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Denial of service, or DoS, attacks emerged in the early days of the web and commercialization of the internet. These attacks literally deny service and make a resource scarce; in many cases, attackers simply ping a network or server to busy it out.
On the defense, enterprises and service providers responded by blocklisting devices where the attacks originated. As the cat-and-mouse games became more sophisticated, attackers started to use thousands of bots to create what are now called distributed DoS (DDoS) attacks.
For example, one attack used several hundred thousand bots in a rotation spread across a bot army of more than 3 million devices to attack a nation-state and shut down a government service. That attack generated over 500 Gbps of traffic.
How to prevent DDoS attacks on networks
How can an enterprise respond? The following three approaches detail how to prevent or respond to DDoS attacks on networks:
- Buy a service from an internet service provider (ISP). Many ISPs offer DDoS mitigation services, but when an enterprise network gets hit, the enterprise needs to report the incident to the ISP to begin mitigation. This strategy is called clean pipe and is popular with ISPs, as they charge for the service, but it often results in a 30- to 60-minute delay before mitigation starts.
- Keep it in-house and DIY. Organizations can prevent and respond to DDoS attacks in-house with an intrusion prevention system, firewall technology and specialized hardware purpose-built to defend against DDoS attacks. Unfortunately, the affected traffic is already on the network eating up valuable bandwidth. That makes this approach best suited to enterprises with equipment in colocation facilities, where traffic reaches ISPs through a cross-connect, which protects downstream bandwidth that goes to the rest of the company.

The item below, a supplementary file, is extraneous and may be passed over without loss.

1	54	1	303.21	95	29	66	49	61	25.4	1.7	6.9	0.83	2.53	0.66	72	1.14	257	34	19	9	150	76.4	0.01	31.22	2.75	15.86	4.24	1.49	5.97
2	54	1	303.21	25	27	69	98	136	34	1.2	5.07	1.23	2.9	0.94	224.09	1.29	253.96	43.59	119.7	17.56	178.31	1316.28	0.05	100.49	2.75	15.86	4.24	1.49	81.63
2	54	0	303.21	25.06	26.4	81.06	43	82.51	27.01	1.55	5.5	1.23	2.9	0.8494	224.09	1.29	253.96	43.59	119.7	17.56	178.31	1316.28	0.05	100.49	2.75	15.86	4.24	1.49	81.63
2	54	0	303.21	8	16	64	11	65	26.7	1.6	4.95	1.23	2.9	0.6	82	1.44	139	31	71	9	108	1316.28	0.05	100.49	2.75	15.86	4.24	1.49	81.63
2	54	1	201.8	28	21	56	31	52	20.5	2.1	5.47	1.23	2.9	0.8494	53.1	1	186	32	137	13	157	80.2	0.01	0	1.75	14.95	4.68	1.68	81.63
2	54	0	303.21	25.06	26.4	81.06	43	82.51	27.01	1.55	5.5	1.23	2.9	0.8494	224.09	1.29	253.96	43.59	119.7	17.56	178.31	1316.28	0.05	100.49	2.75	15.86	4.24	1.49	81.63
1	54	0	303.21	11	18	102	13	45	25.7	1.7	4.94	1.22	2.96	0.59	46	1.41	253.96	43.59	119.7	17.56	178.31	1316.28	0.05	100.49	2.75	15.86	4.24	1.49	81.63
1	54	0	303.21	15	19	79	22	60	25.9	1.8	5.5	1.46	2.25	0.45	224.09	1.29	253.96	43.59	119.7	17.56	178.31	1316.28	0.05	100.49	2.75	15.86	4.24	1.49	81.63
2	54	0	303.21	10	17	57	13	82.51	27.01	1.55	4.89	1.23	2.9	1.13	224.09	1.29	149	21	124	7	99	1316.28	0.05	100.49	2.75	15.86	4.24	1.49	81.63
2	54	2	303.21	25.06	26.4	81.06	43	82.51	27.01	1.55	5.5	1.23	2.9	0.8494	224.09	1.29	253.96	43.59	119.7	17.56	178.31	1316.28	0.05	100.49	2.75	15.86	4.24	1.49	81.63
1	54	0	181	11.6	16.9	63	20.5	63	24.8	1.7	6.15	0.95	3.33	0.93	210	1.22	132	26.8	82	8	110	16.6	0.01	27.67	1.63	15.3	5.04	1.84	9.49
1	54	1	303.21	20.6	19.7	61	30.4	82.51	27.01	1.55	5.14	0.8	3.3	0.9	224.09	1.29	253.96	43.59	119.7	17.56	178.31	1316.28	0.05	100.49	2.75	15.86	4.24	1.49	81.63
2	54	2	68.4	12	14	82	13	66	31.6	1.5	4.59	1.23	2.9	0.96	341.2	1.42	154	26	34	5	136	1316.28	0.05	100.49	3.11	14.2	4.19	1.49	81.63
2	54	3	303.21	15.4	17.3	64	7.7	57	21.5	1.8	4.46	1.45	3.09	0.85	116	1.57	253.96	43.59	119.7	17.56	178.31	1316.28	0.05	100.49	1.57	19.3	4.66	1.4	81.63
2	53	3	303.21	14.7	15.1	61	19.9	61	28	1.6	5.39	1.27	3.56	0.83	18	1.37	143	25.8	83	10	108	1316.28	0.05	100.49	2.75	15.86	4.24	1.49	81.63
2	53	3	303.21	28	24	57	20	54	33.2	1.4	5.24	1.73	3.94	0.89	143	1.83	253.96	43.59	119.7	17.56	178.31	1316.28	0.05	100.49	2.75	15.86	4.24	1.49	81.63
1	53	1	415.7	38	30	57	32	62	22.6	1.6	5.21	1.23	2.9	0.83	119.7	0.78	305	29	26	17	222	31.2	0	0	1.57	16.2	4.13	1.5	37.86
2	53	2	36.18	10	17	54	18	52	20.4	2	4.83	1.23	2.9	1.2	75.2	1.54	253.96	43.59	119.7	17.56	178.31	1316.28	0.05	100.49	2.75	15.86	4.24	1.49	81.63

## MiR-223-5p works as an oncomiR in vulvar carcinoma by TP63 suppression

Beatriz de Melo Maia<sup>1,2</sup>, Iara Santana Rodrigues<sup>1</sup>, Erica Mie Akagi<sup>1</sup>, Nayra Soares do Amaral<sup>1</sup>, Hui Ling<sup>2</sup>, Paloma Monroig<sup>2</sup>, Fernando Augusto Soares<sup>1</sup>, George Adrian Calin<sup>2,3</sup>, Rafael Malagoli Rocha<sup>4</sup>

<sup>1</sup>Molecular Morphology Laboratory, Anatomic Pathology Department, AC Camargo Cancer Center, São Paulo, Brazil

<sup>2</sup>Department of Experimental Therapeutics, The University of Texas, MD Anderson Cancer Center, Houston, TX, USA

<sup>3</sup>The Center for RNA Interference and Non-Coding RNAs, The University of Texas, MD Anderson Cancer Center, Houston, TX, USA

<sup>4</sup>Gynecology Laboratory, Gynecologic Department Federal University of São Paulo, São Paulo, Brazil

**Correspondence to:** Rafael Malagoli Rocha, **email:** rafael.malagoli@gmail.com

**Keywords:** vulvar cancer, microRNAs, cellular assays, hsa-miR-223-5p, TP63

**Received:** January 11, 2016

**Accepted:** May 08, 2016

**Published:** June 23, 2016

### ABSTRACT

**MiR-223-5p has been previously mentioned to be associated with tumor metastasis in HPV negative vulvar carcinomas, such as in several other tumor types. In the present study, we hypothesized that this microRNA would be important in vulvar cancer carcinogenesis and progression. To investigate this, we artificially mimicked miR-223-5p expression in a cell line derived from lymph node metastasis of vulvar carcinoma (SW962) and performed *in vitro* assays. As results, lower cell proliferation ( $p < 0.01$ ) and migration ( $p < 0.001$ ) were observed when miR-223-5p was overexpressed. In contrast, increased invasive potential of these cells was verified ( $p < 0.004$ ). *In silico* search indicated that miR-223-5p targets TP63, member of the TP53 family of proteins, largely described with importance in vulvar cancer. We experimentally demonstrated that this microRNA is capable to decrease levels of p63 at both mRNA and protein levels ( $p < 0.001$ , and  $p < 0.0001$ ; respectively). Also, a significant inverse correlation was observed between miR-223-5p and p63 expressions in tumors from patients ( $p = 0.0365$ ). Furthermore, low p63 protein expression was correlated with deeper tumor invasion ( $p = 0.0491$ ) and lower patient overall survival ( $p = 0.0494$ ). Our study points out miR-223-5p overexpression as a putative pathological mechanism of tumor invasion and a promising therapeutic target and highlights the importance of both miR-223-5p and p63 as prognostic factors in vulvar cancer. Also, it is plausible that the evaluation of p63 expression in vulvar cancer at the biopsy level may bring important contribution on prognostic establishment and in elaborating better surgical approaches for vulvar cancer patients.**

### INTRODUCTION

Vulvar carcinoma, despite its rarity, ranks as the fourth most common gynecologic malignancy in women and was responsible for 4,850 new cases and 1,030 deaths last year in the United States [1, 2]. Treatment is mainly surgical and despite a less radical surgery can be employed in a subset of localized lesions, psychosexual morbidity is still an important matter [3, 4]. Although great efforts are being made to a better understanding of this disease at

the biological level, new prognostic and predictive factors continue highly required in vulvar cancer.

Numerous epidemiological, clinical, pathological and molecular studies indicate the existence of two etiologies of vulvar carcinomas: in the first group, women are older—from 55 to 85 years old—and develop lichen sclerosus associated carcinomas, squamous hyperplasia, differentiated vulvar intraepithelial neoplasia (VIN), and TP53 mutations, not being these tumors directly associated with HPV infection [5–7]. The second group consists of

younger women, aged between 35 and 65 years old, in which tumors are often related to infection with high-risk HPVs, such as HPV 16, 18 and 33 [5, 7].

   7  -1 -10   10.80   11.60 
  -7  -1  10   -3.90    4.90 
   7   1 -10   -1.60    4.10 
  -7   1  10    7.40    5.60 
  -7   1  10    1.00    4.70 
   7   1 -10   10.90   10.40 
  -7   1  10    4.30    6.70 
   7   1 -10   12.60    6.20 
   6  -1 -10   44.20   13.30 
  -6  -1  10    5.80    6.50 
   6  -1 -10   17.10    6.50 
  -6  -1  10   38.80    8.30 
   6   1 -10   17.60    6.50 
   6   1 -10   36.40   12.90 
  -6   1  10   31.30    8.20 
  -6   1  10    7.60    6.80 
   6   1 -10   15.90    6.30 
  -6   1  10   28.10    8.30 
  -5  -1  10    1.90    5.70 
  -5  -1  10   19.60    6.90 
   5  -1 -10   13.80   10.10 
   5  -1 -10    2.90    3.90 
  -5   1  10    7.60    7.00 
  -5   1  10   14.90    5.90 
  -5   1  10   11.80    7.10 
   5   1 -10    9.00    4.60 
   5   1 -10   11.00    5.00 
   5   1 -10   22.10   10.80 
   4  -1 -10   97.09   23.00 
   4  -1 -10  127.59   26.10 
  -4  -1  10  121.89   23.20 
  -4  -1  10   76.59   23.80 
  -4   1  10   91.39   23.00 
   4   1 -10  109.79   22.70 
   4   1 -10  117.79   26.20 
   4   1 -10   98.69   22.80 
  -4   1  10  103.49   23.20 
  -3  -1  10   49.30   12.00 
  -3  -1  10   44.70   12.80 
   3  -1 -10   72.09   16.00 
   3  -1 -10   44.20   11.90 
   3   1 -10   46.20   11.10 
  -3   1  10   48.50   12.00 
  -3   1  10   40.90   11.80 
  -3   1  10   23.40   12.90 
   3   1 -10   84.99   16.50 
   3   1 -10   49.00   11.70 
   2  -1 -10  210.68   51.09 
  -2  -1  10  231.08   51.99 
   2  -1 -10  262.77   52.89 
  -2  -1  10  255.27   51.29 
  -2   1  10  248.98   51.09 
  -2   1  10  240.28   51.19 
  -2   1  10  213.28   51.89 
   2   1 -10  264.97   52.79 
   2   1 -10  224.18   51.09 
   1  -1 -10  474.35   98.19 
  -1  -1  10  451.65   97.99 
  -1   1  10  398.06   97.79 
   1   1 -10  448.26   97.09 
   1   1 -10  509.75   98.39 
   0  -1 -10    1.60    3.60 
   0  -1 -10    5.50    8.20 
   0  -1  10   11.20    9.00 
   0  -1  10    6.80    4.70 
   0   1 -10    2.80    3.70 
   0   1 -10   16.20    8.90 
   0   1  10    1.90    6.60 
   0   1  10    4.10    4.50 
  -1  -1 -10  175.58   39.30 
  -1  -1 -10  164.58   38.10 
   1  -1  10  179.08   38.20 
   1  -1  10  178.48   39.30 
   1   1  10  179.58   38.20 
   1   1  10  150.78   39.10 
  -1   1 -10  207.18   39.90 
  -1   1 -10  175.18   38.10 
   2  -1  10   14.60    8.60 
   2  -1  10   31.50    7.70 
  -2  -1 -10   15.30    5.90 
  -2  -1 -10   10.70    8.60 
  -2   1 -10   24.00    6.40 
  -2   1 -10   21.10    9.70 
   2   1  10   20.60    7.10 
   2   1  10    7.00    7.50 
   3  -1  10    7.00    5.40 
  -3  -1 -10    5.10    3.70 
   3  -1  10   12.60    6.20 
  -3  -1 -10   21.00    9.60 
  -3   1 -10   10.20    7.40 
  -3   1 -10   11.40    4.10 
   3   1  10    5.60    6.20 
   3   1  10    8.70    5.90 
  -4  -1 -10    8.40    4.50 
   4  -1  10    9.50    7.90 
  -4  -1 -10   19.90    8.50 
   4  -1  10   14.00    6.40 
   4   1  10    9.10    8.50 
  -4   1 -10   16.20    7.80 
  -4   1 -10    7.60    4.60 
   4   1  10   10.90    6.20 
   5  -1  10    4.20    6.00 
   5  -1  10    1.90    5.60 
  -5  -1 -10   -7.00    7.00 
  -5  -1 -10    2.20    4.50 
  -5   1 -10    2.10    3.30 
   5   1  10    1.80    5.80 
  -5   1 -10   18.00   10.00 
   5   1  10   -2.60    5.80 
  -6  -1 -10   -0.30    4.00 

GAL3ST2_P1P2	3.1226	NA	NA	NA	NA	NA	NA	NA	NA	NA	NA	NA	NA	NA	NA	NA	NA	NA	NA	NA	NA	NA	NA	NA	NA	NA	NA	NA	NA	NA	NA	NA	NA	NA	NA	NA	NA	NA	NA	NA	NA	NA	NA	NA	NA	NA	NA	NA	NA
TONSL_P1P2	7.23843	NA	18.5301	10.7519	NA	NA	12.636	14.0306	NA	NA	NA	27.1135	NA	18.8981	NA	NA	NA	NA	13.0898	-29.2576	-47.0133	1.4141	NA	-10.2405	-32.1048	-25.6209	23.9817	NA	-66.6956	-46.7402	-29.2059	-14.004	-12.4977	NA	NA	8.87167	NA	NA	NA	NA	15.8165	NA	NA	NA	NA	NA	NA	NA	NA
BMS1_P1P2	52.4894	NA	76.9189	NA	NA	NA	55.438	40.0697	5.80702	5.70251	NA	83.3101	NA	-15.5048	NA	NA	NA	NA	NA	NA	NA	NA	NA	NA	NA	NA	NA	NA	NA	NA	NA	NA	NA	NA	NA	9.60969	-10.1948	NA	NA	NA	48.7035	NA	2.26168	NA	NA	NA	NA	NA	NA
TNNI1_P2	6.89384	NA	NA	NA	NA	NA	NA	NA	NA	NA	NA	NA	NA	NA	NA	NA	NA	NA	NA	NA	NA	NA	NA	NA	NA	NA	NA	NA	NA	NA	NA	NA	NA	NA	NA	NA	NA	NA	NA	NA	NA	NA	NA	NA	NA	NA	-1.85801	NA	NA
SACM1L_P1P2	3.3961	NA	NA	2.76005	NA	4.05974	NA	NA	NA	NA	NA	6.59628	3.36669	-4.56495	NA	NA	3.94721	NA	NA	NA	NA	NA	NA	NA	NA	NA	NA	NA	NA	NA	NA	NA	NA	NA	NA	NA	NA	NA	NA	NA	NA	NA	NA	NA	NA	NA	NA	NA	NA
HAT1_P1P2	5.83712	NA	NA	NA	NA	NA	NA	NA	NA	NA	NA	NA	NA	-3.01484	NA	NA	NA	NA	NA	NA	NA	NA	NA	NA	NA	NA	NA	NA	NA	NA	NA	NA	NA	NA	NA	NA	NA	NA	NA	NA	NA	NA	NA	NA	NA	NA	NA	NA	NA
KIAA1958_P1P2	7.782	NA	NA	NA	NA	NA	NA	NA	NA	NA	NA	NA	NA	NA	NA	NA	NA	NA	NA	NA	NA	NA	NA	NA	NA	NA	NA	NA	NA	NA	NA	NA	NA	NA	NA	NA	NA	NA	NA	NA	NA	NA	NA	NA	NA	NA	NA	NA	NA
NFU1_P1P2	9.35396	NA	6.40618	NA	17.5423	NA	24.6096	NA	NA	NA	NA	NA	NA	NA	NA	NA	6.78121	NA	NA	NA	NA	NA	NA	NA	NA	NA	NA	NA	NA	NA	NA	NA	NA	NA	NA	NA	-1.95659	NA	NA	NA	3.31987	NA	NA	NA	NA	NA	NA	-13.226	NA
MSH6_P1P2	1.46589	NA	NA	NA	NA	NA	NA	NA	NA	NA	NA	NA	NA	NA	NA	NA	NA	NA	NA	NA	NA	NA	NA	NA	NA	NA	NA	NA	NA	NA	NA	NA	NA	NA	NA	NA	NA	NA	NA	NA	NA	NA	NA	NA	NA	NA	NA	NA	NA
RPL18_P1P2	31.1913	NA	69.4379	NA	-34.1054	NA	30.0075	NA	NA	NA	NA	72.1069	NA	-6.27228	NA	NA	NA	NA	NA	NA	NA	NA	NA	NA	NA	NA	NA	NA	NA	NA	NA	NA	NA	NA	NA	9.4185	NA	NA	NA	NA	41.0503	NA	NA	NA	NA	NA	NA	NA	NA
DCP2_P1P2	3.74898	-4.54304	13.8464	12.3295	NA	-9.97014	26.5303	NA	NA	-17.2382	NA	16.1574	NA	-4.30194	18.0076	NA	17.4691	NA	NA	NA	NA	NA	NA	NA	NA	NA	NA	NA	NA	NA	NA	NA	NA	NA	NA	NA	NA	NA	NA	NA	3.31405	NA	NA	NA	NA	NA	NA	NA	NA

- Use a content delivery network (CDN). This approach minimizes exposure of corporate infrastructure, as IT teams can place the infrastructure behind a CDN. These networks are large and diverse, and if the organization subscribes to DNS and DDoS mitigation, they can protect e-commerce sites, as well as the enterprise itself.
How to choose a DDoS mitigation option
Which approach is best to respond to or prevent DDoS attacks on networks? As usual in this complex world, it depends. However, few companies beyond large e-commerce providers have the capability to properly implement a DIY approach. Small e-commerce providers should use a CDN, and most midsize firms would do well with some combination of options one and three.
A combination could involve e-commerce on a CDN, with DDoS mitigation needed for enterprise internet access and VPN services. Some providers can do both and simplify contract management.
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